Mrs. S is an 87 year-old patient with a diagnosis of dementia. The patient has no ability to have meaningful conversation, babbling but alert during my visits.  I tried for many weeks to find some connection to her.  One day, I brought my iPad and engaged the patient with music therapy.  I struggled to find a piece of music she might enjoy but then I landed on a classical version of Amazing Grace.  Up until this song, the patient would look at the iPad but had no interaction with it.  I started the song and within a few seconds, the patient became totally engaged and kept saying, “How beautiful!”  I played it a second time and, believe it or not, she began to sing the words and sang the first verse all the way through.  The caregiver was absolutely amazed at this! (As was I!)  This was possible only because of the iPad.

Mrs. G
Mrs. G is an elderly patient who does not have dementia but is house-bound.  She is particularly fond of gospel music.  Because she is not able to leave her house very often to get to church, I started playing gospel music on the iPad.  Mrs. G has enjoyed it so much that she now expects it when I come to visit.  She absolutely beams from ear to ear as soon as she starts to hear the music; it’s very therapeutic.  Unfortunately, I share the iPad with another social worker and don’t always have it with me on my visits.  But since Mrs. G expects it, she gets it!  Sometimes I have to use my phone (which will do in a pinch), but it’s always a joy when the iPad is available.

Pancakes!

Posted July 25, 2014 by hpccr
Categories: awareness, fundraising, hospice, Hospice & Palliative Care Lincoln County

Tags: , , ,

by Andrea Powell, HPCCR Marketing Manager

pancakesPancakes are delicious.  And I’m pretty sure there aren’t many people who could argue that point.  What’s not to like about crisp-on-the-outside, soft-on-the-inside, warm circles of utter delightfulness??  Who would turn down a nice, tall stack of pancakes with butter and syrup dripping off the edges?  (If you would, I don’t want to hear it.  You’re warped in the head.)  My mouth is watering just thinking about it. . . .

So if you like pancakes and you like a good cause, then we’ve got the perfect event for you!  This Saturday, from 8-11am in Lincolnton at Fatz Café (1430 East Main Street), you can come out to the Short Stacks For Big Change Pancake Breakfast where you can indulge your pancake craving to your heart’s delight.  For a mere $8 (This is for adults.  It will be $5 for kids eight and under), you can eat a ton (three pancakes, sausage, bacon, orange slices, and a beverage) and you’ll feel great knowing that the proceeds will support our newly renovated and expanded Hospice & Palliative Care Lincoln County (HPCLC) office on Dontia Drive.

Want more incentive?  The Timken Foundation has promised to match every single dollar we raise for this new building.  That means that when you buy a ticket for $8, it’s like making a donation of $16!  Truly a win-win!  So bring your whole family out tomorrow to eat pancakes (and the fixin’s!) and show your support for Hospice & Palliative Care Lincoln County.  Oh, and any of you warped-in-the-head pancake haters out there don’t have to come.  We don’t feel like arguing with you.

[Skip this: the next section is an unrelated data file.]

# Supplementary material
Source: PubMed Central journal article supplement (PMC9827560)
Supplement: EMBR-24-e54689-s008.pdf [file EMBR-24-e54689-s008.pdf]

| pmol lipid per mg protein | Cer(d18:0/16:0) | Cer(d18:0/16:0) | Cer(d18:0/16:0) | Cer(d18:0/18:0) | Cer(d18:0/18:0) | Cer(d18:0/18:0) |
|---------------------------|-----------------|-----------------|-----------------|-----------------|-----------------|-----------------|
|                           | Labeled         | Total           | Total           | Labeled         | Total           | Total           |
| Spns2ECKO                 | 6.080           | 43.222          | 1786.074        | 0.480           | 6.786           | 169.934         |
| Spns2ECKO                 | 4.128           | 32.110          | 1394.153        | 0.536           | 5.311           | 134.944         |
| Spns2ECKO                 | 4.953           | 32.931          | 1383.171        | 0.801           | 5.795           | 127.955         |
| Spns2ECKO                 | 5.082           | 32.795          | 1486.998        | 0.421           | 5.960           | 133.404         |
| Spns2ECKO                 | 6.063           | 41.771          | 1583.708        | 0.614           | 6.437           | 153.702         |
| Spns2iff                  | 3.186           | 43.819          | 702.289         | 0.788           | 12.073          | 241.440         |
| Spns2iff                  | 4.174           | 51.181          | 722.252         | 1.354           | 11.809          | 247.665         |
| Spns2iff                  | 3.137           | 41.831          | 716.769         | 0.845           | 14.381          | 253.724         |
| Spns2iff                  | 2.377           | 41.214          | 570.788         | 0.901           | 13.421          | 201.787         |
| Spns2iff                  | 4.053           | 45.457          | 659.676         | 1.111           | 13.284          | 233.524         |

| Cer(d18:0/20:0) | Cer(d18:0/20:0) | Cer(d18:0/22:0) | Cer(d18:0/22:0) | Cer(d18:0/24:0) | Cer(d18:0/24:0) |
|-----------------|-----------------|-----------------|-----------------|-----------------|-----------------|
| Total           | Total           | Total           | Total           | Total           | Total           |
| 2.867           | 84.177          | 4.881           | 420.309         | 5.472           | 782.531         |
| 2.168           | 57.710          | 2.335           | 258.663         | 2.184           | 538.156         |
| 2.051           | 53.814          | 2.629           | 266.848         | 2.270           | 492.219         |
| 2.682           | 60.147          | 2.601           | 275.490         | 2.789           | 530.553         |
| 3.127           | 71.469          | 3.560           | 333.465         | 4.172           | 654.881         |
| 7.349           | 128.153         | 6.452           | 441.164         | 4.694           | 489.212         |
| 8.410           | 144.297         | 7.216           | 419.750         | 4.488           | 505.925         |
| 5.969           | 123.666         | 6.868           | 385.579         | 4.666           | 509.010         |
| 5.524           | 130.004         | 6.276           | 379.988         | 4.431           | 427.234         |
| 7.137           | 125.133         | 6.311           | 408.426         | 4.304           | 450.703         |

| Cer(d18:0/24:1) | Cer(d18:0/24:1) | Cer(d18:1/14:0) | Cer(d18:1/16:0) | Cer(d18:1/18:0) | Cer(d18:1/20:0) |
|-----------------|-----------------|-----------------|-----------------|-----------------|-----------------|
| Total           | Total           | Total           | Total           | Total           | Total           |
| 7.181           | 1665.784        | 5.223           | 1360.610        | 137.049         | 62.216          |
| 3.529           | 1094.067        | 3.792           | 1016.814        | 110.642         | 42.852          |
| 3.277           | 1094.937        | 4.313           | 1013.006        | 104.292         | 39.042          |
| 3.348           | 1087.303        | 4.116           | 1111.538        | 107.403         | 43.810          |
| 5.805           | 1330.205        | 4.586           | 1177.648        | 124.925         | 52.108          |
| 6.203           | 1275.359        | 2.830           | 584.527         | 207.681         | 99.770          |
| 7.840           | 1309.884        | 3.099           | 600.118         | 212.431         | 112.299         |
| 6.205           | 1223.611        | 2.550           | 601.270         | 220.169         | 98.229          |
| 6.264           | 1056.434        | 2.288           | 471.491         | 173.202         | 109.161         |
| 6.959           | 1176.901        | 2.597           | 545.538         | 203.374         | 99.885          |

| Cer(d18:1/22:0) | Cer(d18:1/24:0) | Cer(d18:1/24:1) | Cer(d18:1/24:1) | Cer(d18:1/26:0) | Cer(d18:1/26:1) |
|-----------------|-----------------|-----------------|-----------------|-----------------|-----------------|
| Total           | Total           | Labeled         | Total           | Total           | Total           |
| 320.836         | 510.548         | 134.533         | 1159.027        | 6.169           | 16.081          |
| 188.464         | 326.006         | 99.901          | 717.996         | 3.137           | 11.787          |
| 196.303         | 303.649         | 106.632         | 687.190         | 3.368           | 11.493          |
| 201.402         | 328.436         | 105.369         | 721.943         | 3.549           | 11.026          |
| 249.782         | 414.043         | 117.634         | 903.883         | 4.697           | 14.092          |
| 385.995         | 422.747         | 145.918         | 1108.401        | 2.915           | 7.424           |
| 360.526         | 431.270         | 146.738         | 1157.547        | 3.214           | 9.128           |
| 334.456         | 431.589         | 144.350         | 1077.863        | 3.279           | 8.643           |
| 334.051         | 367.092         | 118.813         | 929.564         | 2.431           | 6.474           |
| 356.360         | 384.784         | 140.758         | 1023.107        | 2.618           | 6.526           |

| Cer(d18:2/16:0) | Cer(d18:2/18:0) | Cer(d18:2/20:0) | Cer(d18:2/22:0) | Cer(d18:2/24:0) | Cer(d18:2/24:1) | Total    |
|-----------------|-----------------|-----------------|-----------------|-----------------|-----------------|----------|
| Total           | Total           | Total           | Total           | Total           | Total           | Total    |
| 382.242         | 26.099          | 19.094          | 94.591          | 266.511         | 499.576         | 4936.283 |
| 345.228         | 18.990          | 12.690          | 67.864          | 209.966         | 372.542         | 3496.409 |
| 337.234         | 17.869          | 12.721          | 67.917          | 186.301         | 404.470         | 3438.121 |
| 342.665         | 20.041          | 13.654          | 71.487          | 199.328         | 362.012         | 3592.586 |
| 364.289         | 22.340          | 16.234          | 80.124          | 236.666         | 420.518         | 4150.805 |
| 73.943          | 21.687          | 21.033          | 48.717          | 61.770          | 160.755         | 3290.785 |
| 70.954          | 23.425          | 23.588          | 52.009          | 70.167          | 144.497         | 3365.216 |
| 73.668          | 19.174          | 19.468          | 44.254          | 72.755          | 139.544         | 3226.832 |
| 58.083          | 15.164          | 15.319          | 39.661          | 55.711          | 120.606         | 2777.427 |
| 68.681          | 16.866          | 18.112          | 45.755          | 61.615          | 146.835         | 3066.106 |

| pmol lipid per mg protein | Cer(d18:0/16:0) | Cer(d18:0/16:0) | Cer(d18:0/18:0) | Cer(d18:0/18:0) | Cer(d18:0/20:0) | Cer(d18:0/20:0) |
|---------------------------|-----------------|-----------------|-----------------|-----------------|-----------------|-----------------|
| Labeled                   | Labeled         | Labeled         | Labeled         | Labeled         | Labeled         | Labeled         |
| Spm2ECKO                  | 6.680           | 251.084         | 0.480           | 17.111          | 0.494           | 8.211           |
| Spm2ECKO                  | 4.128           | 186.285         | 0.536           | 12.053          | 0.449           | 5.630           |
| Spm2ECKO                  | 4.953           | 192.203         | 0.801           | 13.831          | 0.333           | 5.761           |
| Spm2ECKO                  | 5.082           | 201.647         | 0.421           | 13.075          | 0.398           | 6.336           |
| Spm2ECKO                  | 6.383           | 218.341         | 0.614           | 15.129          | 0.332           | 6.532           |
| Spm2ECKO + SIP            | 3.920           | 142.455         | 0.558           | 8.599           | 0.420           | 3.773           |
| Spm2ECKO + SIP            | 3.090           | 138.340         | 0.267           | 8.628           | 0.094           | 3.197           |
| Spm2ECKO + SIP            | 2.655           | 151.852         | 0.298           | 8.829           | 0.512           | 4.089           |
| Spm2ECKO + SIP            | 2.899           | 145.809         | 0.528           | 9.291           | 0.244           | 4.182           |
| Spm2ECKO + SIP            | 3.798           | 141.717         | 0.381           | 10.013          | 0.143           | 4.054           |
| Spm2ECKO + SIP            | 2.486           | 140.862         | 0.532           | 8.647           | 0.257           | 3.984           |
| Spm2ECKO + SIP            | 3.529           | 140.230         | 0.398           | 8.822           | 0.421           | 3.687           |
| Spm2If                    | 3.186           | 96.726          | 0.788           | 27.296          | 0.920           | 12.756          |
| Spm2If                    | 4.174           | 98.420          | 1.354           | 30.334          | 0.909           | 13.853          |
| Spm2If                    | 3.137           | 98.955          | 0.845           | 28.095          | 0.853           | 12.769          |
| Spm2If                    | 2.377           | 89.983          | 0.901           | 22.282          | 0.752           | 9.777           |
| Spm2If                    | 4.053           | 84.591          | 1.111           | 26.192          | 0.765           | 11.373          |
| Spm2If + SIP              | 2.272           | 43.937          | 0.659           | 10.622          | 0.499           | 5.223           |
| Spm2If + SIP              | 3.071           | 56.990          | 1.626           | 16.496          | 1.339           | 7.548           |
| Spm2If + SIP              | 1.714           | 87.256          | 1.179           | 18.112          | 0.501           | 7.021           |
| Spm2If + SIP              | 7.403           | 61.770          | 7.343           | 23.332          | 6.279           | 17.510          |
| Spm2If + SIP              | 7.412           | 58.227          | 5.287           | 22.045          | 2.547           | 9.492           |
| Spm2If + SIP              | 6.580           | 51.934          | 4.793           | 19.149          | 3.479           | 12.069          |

Pancake haters need not attend, but we will take your donation (you know, because it will be matched)!  Visit the donation page on our website and choose Hospice & Palliative Care Lincoln County in the designation drop down menu.  Many thanks to the Timken Foundation for matching every gift made to the HPCLC building project until July 31.  For more information about the pancake breakfast, contact Julia Moore at 704.602.0903.

The last few weeks

Posted July 16, 2014 by hpccr
Categories: awareness, caregiving, dementia, end of life, hospice

Tags: , , ,

by Joel Saperstein, loving husband and caregiver

Editor’s note: Several weeks ago, I received a letter in the mail from Mr. Saperstein.  It was a beautiful testimonial to his late wife who passed away under our care.  You can read their love story and his letter here.  Then, not much later, I received another letter  from him describing the daily caretaking routine with his beloved Marsha as her disease progressed.  He eloquently captures the beauty and heartbreak of caring for a loved one with dementia and Alzheimer’s.

hummingbird soloThe last few weeks of Marsha’s life was a moving, heartbreaking learning experience for me.  Her dementia / Alzheimer’s had taken complete control of her mind and body.  Even so, she searched for beauty everywhere.

I would prop her up onto three pillows.  She would watch with child-like fascination as the sun’s golden ribbons streamed through the window and settled on the bed cover.  She reached out to touch the light.  “It is beautiful,” she would say.  Everything we encountered every day was new and magical to her.  Hummingbirds darting around the feeder brought a smile to her face.  Ants running up and down the fencepost were accepted as just part of life, and shouldn’t be hurt.  Every part of nature was new and wondrous.  It was like discovering life for the very first time.

Her circulation was failing, and she was chilled.  Her hands were cold.  I would take and hold her hands to keep them warm.  She would look directly into my eyes.  I would look into her watery, green eyes.  Her eyes used to glisten below her beautiful red hair.  She would force herself to stroke my face.  “You are beautiful,” she would say.  Then wide-eyed, frightened, she would stare into a void.  “They are coming for me.  They want me to go with them,” she would say.  “Do you want to go with them?” I asked.  “No,” she said.  “Then you don’t have to go,” I assured her.  Satisfied with what I said, she lay back, closed her eyes and was at peace.  Still holding her hands, I stayed with her and let her sleep.